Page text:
v. 1.1 – 13 Dec. 2017  view/download PDF

ceratos, horn; odontos, tooth, referring to prominent, shark-like tooth plates of Ceratodus Agassiz 1838, a cosmopolitan genus of Triassic lungfishes

3 extant families · 3 genera · 9 species/subspecies

Family NEOCERATODONTIDAE Australian Lungfish

Neoceratodus Castelnau 1876    neo-, new; Ceratodus, genus in which N. forsteri had been described (but now restricted to Triassic lungfishes)

Neoceratodus forsteri (Krefft 1870)    in honor of (and “in justice to”) friend and politician William Forster (1818-1882), Minister of Lands, New South Wales, who presented two specimens of this “great amphibian” to the Australian Museum; the “in justice” comment reflects Krefft’s amends for doubting his longtime friend, who owned large tracts of land near the type locality in Queensland and had tantalized Krefft with tales of a “fish” with a cartilaginous backbone [note: despite Krefft’s claim, Forster did not discover this lungfish (which had been known and eaten by local squatters for decades), nor did he collect the type specimens (now lost); Forster’s cousin, William McCord, an amateur naturalist, provided them, salted and without entrails]

Family LEPIDOSIRENIDAE South American Lungfish

Lepidosiren Fitzinger 1837    lepido-, scaled; siren, an aquatic salamander, derived from seiren, a mythological snake with wings, possibly referring to the serpentine shape of aquatic salamanders and their wing-like external gills; Fitzinger considered the lungfish a reptile (which at the time included amphibians) intermediate between the salamander genus Amphiuma and the eel (Muraena), but with scales

Lepidosiren paradoxa Fitzinger 1837    strange or contrary to expectation, referring to the seeming paradox of an eel-like salamander covered with scales yet resembling a fish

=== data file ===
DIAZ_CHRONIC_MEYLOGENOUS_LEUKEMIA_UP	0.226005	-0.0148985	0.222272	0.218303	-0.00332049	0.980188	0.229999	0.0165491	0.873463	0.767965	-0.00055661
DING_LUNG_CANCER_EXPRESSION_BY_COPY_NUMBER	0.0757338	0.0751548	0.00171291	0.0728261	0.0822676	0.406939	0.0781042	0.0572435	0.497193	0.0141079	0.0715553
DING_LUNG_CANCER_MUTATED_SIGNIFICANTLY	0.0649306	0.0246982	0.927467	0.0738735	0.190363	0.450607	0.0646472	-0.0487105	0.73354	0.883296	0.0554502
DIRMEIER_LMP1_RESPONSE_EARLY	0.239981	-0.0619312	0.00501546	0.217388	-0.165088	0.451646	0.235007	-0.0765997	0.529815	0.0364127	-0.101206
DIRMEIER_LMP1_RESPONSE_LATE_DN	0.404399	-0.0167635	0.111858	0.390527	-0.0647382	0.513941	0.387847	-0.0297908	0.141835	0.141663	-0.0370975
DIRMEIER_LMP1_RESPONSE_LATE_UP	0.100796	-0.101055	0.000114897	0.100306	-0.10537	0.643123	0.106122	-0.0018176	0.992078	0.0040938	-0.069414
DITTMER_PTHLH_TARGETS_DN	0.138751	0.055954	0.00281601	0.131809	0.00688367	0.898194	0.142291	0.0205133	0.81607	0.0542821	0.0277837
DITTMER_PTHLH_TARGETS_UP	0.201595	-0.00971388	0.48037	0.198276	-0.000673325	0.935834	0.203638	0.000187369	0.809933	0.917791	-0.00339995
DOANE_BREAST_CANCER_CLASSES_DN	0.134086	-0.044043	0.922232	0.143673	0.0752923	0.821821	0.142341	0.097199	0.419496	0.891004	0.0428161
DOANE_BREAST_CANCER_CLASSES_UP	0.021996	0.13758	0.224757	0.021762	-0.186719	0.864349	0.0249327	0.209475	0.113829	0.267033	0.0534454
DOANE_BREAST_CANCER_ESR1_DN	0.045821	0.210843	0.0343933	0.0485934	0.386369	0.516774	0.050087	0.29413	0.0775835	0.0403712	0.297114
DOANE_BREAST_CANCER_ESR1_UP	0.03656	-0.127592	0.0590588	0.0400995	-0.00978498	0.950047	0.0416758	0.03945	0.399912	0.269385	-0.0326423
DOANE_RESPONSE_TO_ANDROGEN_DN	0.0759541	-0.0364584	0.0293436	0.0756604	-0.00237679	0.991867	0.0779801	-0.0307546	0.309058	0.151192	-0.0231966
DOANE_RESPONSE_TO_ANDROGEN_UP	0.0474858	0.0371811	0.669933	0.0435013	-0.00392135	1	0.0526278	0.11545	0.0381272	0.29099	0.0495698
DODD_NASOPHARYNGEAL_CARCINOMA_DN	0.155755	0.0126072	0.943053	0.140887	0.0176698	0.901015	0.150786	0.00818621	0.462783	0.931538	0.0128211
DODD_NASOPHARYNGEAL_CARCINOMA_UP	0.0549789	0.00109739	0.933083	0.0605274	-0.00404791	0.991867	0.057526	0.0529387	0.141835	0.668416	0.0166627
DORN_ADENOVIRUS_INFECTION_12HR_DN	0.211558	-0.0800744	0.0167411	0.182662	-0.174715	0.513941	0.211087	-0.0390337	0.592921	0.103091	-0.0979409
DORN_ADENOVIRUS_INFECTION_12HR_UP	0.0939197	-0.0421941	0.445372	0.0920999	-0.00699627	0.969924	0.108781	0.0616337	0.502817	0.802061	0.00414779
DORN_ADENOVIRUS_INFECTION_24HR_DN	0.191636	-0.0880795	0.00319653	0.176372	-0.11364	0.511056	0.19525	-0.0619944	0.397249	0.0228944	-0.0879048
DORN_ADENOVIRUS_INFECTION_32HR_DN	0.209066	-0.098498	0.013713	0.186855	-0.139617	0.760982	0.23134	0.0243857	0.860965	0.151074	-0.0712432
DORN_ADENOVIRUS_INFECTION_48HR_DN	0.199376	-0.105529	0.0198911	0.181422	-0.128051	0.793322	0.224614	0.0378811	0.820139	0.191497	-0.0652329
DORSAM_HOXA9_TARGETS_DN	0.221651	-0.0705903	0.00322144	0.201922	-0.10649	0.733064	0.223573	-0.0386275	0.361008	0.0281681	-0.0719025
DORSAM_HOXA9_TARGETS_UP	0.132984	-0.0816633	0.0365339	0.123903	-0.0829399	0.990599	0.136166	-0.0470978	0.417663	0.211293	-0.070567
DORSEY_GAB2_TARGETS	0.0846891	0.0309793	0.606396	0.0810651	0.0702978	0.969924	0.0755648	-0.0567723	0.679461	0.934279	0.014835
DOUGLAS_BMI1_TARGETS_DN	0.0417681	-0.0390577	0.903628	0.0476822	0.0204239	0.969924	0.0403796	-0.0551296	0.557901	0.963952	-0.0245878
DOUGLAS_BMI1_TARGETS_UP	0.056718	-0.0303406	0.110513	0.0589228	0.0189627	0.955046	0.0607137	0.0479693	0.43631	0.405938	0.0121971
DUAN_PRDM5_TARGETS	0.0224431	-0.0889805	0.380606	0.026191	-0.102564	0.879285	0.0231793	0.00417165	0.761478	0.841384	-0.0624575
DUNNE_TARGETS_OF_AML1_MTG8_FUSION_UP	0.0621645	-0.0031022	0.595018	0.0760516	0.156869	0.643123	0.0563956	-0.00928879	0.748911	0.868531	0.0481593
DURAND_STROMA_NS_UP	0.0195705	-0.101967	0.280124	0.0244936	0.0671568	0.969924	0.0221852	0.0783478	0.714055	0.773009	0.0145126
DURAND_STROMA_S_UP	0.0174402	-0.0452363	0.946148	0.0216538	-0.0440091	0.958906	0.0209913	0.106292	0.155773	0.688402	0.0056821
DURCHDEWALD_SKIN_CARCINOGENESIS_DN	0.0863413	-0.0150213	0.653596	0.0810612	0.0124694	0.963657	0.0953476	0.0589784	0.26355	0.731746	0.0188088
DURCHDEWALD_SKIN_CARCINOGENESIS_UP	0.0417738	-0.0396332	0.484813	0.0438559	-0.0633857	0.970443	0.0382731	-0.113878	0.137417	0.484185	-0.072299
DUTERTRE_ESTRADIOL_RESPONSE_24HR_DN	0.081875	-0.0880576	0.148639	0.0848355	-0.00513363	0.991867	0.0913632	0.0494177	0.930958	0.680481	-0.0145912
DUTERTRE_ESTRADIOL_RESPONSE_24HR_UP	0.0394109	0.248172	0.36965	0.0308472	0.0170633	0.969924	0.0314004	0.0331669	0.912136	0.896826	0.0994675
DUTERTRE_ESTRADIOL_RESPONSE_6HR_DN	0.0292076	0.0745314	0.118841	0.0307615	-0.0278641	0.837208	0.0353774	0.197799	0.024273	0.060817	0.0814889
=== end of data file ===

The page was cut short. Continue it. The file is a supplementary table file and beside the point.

Family PROTOPTERIDAE African Lungfishes

Protopterus Owen 1839    protos, first; pterus, fin, referring to rudimentary or embryonic condition of its fins

Protopterus aethiopicus aethiopicus Heckel 1851    –icus, belonging to: Aethiopia, classical Greek term for the upper Nile region, where it occurs

Protopterus aethiopicus congicus Poll 1961    –icus, belonging to: referring to its occurrence in the middle and upper Congo River

Protopterus aethiopicus mesmaekersi Poll 1961    in honor of Is. Mesmaekers, commander of the port of Boma (Democratic Republic of the Congo), for facilitating the shipment of lungfish specimens and their mucus cocoons

Protopterus amphibius (Peters 1844)    amphi-, double; bios, life, i.e., living a double life, allusion not explained, perhaps reflecting the belief at the time that lungfishes were amphibians, and/or to the fact that this species lives in water during the rainy season and in a “sheath of leaves” (translation) during the dry season

Protopterus annectens annectens (Owen 1839)    linking or joining, presumed to be a connecting link between cartilaginous and “Malacopterygian” (soft-finned) fishes, e.g., Polypterus (bichirs) and Lepisosteus (gars)

Protopterus annectens brieni Poll 1961    in honor of friend and zoological colleague Paul Brien, who studied the ecology and reproductive biology of P. dolloi, and who collected some of the type material

Protopterus dolloi Boulenger 1900    in honor of Belgian paleontologist Louis Dollo (1857-1931), whose 1895 appraisal of lungfish phylogeny interpreted their evolution in ecological terms (as a specialization for living in oxygen-poor water), and hypothesized that they evolved from Devonian “crossopterygians” (primitive lobe-finned bony fishes believed to be the forerunner to four-legged vertebrates, or tetrapods)